Loading Events
judith hopf

Panorama Monopoli

Castello Carlo V, Monopoli
  • This event has passed.

panorma monopoli

12,000 visitors over four days admired the works of 60 artists spread throughout the city in 16 different exhibition venues. The second edition of the widespread exhibition “Panorama” was held in Monopoli (Bari) from Thursday, Sept. 1 to Sunday, Sept. 4, 2022, curated by Vincenzo de Bellis, Curator and Associate Director of Programs, Visual Arts at the Walker Art Center in Minneapolis, recently appointed as Director, Fairs and Exhibition Platforms of Art Basel.

“Panorama”, the special story that ITALICS dedicates periodically to some of the most extraordinary places in the Italian landscape, launched its first edition in 2021 on the wonderful island of Procida, offered a new itinerary of ancient and contemporary art and architecture, accompanied by a schedule of informative side events, performances and special projects open to the public.

“Panorama Monopoli” was conceived as a vast choral event inspired by the Greek concept of xenia. Each of the selected works made a contribution by offering multiple interpretations of universal themes that have been drivers of creativity for artists from different eras, and have engaged human minds for about seven centuries. For the Greeks, the term xenia summed up the meaning of hospitality and the relationship with the foreigner, governed by basic rules of behavior, such as the custom of paying homage to the guest with a “farewell gift” to testify that he had enjoyed his visit. In a sense, xenia is a form of ritualized friendship based on reciprocity.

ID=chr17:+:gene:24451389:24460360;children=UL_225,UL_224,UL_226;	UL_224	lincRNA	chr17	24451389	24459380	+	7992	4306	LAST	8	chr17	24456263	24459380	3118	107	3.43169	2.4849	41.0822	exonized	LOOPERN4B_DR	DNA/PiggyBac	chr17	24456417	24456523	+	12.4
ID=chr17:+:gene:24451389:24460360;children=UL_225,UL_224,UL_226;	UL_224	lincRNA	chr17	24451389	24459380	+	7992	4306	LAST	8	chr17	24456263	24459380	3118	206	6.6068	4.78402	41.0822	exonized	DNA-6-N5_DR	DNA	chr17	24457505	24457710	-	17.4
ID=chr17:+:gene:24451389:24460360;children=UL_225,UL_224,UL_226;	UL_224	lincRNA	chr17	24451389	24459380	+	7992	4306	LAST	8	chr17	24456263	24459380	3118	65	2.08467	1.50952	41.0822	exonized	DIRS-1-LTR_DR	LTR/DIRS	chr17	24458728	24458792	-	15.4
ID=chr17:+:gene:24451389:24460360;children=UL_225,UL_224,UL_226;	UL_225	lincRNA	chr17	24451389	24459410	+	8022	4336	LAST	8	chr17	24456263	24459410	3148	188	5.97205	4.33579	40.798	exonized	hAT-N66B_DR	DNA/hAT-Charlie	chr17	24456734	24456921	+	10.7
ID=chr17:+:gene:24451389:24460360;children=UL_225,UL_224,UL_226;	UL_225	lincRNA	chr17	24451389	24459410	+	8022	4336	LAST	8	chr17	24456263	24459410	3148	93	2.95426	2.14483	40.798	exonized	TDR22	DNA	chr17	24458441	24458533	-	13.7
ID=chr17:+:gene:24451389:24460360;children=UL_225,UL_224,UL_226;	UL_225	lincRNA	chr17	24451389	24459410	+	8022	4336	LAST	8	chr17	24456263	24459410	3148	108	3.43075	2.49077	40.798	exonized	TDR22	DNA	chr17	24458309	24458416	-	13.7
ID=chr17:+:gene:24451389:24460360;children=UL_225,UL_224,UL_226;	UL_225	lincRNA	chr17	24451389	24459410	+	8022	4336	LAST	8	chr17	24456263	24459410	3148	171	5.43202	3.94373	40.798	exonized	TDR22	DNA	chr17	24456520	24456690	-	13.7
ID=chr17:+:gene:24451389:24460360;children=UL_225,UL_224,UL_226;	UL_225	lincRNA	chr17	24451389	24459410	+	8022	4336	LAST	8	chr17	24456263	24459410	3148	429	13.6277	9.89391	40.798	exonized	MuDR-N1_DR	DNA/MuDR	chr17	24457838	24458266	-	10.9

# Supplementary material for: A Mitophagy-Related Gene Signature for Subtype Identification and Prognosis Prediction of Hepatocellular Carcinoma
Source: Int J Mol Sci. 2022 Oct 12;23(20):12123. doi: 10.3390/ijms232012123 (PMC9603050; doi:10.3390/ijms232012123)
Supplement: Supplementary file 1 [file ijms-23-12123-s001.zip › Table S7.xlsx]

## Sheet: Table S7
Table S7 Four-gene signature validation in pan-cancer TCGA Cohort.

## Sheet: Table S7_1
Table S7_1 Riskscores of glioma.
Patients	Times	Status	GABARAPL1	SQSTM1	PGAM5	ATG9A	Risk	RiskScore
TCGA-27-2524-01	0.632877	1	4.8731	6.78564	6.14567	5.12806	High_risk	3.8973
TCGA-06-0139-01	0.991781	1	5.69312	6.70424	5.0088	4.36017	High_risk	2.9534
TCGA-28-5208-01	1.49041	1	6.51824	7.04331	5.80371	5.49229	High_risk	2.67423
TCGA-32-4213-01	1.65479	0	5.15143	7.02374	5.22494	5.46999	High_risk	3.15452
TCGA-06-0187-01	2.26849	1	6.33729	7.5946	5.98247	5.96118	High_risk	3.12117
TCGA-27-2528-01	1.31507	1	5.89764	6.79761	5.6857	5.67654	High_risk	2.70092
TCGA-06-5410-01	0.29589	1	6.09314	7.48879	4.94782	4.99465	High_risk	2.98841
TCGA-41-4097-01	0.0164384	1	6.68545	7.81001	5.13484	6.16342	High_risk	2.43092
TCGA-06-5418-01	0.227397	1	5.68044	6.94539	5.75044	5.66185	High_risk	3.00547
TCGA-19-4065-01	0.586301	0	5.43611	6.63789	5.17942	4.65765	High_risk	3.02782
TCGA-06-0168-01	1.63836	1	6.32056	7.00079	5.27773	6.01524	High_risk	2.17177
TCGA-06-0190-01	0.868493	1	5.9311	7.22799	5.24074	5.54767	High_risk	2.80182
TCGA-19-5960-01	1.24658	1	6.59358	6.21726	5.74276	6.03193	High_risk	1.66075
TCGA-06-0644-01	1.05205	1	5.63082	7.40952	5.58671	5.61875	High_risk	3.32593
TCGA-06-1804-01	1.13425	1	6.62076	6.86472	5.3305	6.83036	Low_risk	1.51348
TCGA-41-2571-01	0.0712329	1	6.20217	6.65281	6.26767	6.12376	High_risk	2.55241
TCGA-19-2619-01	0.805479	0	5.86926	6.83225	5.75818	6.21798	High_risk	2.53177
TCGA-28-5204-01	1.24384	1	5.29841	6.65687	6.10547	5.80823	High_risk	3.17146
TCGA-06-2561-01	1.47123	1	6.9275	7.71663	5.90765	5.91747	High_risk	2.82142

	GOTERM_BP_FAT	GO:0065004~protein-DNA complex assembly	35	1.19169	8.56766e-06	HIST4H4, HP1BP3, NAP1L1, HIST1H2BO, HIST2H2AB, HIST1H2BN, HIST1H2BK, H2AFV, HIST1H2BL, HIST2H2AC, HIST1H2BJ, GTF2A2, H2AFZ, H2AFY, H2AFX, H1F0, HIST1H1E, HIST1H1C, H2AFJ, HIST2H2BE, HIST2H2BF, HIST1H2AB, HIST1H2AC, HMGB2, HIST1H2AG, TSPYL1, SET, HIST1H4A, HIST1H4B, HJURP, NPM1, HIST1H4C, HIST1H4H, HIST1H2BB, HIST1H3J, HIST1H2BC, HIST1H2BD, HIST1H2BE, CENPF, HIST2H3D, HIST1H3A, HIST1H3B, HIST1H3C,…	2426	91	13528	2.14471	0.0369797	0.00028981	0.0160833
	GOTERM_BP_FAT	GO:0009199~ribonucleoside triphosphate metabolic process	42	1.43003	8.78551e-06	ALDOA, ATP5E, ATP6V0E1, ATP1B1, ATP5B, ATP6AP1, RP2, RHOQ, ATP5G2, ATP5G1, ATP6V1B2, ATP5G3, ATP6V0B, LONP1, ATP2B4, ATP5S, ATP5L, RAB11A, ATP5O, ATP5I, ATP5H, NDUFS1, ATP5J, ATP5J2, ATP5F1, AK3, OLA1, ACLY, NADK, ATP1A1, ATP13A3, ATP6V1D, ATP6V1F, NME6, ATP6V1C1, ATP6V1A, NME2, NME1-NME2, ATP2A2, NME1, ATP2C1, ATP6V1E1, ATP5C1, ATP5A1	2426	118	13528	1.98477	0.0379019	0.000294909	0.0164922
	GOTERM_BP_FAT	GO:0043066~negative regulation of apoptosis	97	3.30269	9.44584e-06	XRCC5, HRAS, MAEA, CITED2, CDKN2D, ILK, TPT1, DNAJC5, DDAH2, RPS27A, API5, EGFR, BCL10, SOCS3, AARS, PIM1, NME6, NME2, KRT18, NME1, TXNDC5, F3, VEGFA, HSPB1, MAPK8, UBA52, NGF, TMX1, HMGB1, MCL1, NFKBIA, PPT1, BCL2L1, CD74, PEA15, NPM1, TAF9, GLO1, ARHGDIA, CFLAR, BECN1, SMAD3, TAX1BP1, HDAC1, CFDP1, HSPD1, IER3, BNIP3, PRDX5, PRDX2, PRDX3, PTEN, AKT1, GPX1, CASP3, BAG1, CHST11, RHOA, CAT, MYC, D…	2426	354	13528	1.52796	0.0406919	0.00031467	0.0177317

The itinerary of “Panorama Monopoli” was planned to harmoniously work with the architecture and natural landscape, inviting viewers to lose themselves in the formal solutions and different themes. The stagings encouraged multiple dialogues between artists of different generations or eras, alternating with monographic presentations dedicated to contemporary artists.

The exhibition itinerary encompassed the ancient historic center of the Adriatic town and entails twenty exhibition venues, including the main churches of the village, such as the Church and former monastery of Santi Giuseppe e Anna, with its wonderful majolica floor; the nerve centers in the urban fabric, such as Piazza Palmieri, hosted a performance; Piazzetta Santa Maria and Largo Castello, and the more intimate spaces of the Cloisters, alleys, gates and votive aedicules in the lanes of the historic center housed site-specific installations.